This may disappoint those among his loyal fans who like to think everything he does is without precedent, but Donald Trump isn’t even close to being the first sitting president who was ever booed at a baseball game. That news might bother President Tweety, too, since he likes to think he does things that nobody else has done or would do.
It might surprise no few of Trump’s sycophancy to know that even Democrats were troubled when the president’s mug from a Nationals Park luxury box hit the large video screen on the scoreboard before World Series Game Five and the boo birds chirped and sang “Lock him up!” through the booing.
“Frankly think the office of the president deserves respect,” said Sen. Chris Coons (D-Delaware), “even when the actions of our president at times don’t.”
Trump, of course, played some high school baseball and was actually scouted by the Phillies at the time, choosing instead to follow his father into the real estate game. From his presidential inauguration until Game Five, however, President Tweety hadn’t gone to a single live Washington sporting event. Not even when the Nationals reached the postseason in 2017.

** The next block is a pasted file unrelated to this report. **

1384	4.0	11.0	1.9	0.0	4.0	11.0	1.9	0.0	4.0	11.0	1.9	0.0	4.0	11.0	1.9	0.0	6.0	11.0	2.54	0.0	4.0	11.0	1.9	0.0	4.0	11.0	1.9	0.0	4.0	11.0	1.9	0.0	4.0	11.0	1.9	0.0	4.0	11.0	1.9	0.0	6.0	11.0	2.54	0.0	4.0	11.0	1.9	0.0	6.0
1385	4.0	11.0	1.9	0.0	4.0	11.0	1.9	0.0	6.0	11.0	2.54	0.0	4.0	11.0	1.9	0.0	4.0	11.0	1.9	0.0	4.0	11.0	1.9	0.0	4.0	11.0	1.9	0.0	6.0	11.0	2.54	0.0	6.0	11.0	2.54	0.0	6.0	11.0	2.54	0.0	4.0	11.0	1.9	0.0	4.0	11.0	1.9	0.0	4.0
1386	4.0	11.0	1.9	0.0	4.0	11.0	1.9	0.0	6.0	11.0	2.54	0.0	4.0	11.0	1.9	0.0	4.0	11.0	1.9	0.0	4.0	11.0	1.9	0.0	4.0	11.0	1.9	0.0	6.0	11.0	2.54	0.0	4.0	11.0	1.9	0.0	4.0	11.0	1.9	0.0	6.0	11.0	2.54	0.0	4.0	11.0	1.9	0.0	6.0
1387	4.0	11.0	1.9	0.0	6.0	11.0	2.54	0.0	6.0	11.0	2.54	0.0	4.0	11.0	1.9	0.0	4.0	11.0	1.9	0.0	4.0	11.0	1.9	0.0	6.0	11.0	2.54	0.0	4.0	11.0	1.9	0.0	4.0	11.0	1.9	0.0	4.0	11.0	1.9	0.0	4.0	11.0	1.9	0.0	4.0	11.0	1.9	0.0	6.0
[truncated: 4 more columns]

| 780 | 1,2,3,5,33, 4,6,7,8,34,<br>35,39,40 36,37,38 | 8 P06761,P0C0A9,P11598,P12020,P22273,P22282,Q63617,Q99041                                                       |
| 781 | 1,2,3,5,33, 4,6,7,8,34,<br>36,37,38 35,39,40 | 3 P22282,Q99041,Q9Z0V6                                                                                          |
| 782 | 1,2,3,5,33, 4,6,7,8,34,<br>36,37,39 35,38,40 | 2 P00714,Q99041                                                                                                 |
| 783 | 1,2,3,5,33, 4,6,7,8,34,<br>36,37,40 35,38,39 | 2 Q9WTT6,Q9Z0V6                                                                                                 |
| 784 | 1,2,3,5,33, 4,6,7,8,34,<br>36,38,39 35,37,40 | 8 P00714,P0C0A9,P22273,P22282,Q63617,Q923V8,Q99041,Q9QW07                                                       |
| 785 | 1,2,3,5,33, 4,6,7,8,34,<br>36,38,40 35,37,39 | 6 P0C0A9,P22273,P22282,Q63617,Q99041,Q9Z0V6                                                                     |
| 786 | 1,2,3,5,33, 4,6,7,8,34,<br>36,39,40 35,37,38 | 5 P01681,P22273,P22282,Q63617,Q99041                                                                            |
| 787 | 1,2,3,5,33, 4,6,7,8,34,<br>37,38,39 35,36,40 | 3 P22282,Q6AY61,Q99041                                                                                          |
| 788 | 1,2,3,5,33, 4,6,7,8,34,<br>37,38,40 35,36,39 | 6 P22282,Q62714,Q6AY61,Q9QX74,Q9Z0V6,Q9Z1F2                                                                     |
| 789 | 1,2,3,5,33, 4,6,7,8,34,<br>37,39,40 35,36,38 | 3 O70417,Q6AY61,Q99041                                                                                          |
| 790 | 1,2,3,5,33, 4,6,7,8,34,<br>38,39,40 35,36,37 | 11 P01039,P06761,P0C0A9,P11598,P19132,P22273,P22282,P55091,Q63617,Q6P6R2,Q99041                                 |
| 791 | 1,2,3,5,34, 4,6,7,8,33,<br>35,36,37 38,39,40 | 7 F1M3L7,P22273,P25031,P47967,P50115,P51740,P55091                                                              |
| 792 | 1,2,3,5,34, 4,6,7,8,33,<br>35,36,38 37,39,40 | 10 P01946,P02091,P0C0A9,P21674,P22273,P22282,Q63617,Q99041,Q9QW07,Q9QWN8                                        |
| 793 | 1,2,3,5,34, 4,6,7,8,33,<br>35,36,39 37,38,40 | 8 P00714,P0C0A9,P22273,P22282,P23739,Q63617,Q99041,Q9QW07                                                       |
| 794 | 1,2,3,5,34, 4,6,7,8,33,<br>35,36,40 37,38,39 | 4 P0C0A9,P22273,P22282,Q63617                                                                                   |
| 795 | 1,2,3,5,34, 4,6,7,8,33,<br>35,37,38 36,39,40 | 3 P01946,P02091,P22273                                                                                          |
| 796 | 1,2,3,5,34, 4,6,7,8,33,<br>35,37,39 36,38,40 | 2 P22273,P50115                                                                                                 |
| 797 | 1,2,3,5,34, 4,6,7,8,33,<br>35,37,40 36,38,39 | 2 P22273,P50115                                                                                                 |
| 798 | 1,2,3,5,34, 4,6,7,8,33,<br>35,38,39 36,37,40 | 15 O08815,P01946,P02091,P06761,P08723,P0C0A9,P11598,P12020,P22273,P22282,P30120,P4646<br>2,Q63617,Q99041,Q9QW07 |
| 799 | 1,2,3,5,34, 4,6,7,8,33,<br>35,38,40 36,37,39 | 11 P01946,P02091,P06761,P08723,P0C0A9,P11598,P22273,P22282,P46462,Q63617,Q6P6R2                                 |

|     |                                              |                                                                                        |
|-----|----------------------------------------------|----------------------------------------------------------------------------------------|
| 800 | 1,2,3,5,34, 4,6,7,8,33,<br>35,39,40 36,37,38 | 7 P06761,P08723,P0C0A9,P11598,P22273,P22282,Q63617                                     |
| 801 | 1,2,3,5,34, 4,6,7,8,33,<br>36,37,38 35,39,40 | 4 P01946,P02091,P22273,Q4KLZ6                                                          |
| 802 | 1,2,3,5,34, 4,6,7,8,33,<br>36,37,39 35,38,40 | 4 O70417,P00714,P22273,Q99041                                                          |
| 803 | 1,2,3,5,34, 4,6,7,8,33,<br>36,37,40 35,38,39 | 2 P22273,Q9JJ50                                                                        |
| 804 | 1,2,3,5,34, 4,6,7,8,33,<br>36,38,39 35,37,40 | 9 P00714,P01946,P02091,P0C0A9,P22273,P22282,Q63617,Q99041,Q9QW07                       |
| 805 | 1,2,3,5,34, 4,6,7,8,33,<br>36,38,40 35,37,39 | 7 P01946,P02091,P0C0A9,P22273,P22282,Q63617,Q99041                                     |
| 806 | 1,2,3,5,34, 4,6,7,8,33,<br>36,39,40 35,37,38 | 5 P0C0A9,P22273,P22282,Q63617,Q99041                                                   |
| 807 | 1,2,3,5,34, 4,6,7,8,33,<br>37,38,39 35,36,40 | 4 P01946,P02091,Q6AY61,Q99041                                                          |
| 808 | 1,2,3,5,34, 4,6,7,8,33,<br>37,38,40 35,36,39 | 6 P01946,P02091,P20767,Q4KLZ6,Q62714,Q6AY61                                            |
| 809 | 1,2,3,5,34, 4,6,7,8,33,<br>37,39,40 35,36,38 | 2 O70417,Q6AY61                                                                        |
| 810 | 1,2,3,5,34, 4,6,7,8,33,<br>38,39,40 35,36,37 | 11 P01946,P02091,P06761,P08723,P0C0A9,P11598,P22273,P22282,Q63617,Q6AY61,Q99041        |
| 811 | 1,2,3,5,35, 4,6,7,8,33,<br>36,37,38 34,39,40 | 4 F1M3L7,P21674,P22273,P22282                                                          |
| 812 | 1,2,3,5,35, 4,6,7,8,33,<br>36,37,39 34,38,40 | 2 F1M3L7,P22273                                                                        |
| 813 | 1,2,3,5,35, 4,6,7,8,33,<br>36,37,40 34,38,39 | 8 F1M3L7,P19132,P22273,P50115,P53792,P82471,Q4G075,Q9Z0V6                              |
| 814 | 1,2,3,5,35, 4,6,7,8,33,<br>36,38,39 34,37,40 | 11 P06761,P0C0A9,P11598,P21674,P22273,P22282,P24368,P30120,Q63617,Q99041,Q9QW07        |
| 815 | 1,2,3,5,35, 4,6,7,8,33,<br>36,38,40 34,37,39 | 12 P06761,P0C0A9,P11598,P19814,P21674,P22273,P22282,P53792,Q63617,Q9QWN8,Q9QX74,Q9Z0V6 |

In the seventh inning during the Astros’ 7-1 Game Five win, the Nats Park crowd began chanting “Lock him up! Lock him up!” again. But the target that time wasn’t Trump, it was home plate umpire Lance Barksdale, whose evening full of dubious pitch calls—especially the ball four he called strike three with Nats center fielder Victor Robles at the plate that inning—had both Nats and Astros fans outraged.
The problem with Coons’s distinction between the man and the office is that it works far more intellectually than viscerally. Human nature is what human nature is. Ordinary American citizens write screeds against presidents they despise without being accused of despising the office except by those who adore the targets of their wrath. The law is mostly wonderful that way.